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Does thinking change pitch?

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showtunesongbird
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I've noticed that when I sing actually thinking about staying on pitch, I'm slightly sharp and occasionally flat, but when I just sing without thinking and just feeling, I'm on pitch perfectly. I've always been told by my choral directors that thinking is extremely important. I'm not sure if this means I'm doing it right or wrong. I'm a little perplexed as to how this works now.

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Emotional state greatly affects your singing.If you connect with the rhythm,and feel the song,you wont get nervous on how you perform.Just stay relaxed and feel the song,that is the beauty of it after all ;)

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with singing there has to be a right balance of thinking and feeling. over thinking any aspect of singing usually results in it going wrong in someway. i also think it depends on the situation. it can be helpful to think about things from a technical standpoint when your learning technique or going through a song, working bits out here and there but when it comes to actually performing then, from the thinking youve done just like from the technique practice youve done you can just rely on feeling and getting in to the experience of it.

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"Good singers sing and listen, great singers listen....then sing

My father was a jazz musician who played a lot of rock sessions and tours. He never really liked rock, simply because he felt they usually were not particularly good musicians. He was always on about rock musicians dont listen to each other. For years I was always listening to the people I was playing (guitar) with more than myself and only after about 15 years of playing did I start to listen to myself. I immediately became better when I began paying attention to my own sound. That quote is a confusing concept.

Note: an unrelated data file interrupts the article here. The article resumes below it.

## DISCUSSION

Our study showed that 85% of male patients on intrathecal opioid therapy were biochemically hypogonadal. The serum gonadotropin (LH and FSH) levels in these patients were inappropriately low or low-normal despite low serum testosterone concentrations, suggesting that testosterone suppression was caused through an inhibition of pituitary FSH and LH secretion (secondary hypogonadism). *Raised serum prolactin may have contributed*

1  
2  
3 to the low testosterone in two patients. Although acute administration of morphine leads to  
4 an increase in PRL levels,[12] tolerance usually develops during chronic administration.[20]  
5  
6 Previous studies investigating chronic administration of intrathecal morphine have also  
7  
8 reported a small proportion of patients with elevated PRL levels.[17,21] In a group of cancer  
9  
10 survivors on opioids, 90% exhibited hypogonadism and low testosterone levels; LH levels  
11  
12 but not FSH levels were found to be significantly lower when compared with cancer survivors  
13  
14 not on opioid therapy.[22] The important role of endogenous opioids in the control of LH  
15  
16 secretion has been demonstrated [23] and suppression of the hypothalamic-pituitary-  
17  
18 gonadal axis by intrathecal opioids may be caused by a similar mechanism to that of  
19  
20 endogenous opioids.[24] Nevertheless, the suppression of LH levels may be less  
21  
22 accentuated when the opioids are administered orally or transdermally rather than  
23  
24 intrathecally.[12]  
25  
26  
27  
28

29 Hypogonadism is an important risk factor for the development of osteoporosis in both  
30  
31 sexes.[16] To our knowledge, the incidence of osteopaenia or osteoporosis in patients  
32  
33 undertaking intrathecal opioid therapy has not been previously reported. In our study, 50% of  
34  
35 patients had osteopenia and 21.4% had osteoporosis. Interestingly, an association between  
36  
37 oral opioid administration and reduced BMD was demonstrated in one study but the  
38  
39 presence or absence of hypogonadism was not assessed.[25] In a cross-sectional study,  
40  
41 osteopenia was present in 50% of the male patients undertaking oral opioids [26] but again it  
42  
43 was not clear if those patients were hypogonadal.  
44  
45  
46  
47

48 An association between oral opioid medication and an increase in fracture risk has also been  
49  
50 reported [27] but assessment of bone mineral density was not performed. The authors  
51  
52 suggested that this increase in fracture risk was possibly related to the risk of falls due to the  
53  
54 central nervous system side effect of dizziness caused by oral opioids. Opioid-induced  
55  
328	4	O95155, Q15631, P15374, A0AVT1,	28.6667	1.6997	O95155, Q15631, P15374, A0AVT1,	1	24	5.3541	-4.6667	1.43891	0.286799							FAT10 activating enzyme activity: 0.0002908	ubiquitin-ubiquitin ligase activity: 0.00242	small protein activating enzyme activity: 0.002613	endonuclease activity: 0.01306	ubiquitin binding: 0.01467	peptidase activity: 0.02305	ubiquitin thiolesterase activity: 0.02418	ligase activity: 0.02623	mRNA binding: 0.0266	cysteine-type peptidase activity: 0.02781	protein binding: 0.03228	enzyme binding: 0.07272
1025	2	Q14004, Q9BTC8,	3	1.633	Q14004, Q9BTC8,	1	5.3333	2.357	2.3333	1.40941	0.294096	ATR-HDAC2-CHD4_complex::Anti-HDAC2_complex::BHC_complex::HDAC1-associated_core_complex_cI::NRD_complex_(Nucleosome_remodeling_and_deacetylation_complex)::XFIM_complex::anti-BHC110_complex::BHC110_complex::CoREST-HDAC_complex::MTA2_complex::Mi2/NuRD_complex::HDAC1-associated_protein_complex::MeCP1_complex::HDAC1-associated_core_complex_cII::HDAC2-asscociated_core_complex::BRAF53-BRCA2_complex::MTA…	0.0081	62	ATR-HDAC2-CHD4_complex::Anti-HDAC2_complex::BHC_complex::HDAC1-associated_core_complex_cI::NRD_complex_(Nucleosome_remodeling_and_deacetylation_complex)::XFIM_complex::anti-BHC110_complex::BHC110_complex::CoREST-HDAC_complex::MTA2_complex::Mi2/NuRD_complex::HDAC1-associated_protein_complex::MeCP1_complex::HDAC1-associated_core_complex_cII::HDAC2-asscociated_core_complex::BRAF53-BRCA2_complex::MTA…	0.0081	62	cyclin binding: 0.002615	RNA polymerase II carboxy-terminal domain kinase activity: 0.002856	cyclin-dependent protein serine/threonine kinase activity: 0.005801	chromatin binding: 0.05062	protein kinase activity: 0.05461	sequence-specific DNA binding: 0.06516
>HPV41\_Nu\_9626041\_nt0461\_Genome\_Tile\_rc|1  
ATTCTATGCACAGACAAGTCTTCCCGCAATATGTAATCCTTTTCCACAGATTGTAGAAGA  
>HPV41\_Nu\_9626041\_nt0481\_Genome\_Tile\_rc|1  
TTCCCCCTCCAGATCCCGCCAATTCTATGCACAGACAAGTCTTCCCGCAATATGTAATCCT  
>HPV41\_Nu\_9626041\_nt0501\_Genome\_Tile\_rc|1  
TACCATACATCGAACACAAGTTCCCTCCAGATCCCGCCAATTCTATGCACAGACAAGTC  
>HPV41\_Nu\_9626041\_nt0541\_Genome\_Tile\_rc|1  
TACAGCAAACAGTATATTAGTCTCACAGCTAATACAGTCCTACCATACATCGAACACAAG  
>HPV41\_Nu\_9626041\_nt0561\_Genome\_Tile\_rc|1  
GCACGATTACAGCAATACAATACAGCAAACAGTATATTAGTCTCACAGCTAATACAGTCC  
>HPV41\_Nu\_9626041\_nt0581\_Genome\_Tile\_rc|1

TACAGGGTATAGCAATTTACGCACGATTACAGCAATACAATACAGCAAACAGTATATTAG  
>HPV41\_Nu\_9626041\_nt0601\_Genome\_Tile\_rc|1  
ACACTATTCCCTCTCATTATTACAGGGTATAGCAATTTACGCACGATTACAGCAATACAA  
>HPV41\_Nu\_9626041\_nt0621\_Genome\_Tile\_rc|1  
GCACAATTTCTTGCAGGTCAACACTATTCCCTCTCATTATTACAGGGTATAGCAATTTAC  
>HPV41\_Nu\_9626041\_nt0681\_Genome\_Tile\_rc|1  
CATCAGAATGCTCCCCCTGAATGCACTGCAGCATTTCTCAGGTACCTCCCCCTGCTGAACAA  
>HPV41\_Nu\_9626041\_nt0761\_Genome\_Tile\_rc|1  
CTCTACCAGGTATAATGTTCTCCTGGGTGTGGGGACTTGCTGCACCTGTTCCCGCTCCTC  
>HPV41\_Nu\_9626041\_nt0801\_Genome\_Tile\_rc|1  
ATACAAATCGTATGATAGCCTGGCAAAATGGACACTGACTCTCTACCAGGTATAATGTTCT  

Dad on sax ;) :

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This is no different than an athlete's thinking, and being less capable and fluid when doing so. When I was growing up, athletic coaches would always say something like "Don't think". This is partially right.

My opinion is when one is thinking about staying on pitch, one's mind tends to try to force certain muscles and one's body to do some thing. Problem is there are too many muscles to pay attention to, and certain muscles are over-strained and others loose as a result of this focused attention to something. Most of the time, this is due to certain muslces already out-of-tone prior to singing. Holistic means everything at once, and thinking and muscle tone is generally not holistic in most people.

This can be subtle in its effects. My belief is that depending on your body's alignment and muscle tone, your self hearing can even be affected (one of the blogs from a famous teacher supports this). I'll make a further claim that the alignment and muscle tone can even mentally affect one's total hearing (I'll support this in ZenSinging.org). This is such that, as some people are thinking, surprisingly, they can actually be not hearing correctly (I know, probably an unusual conclusion).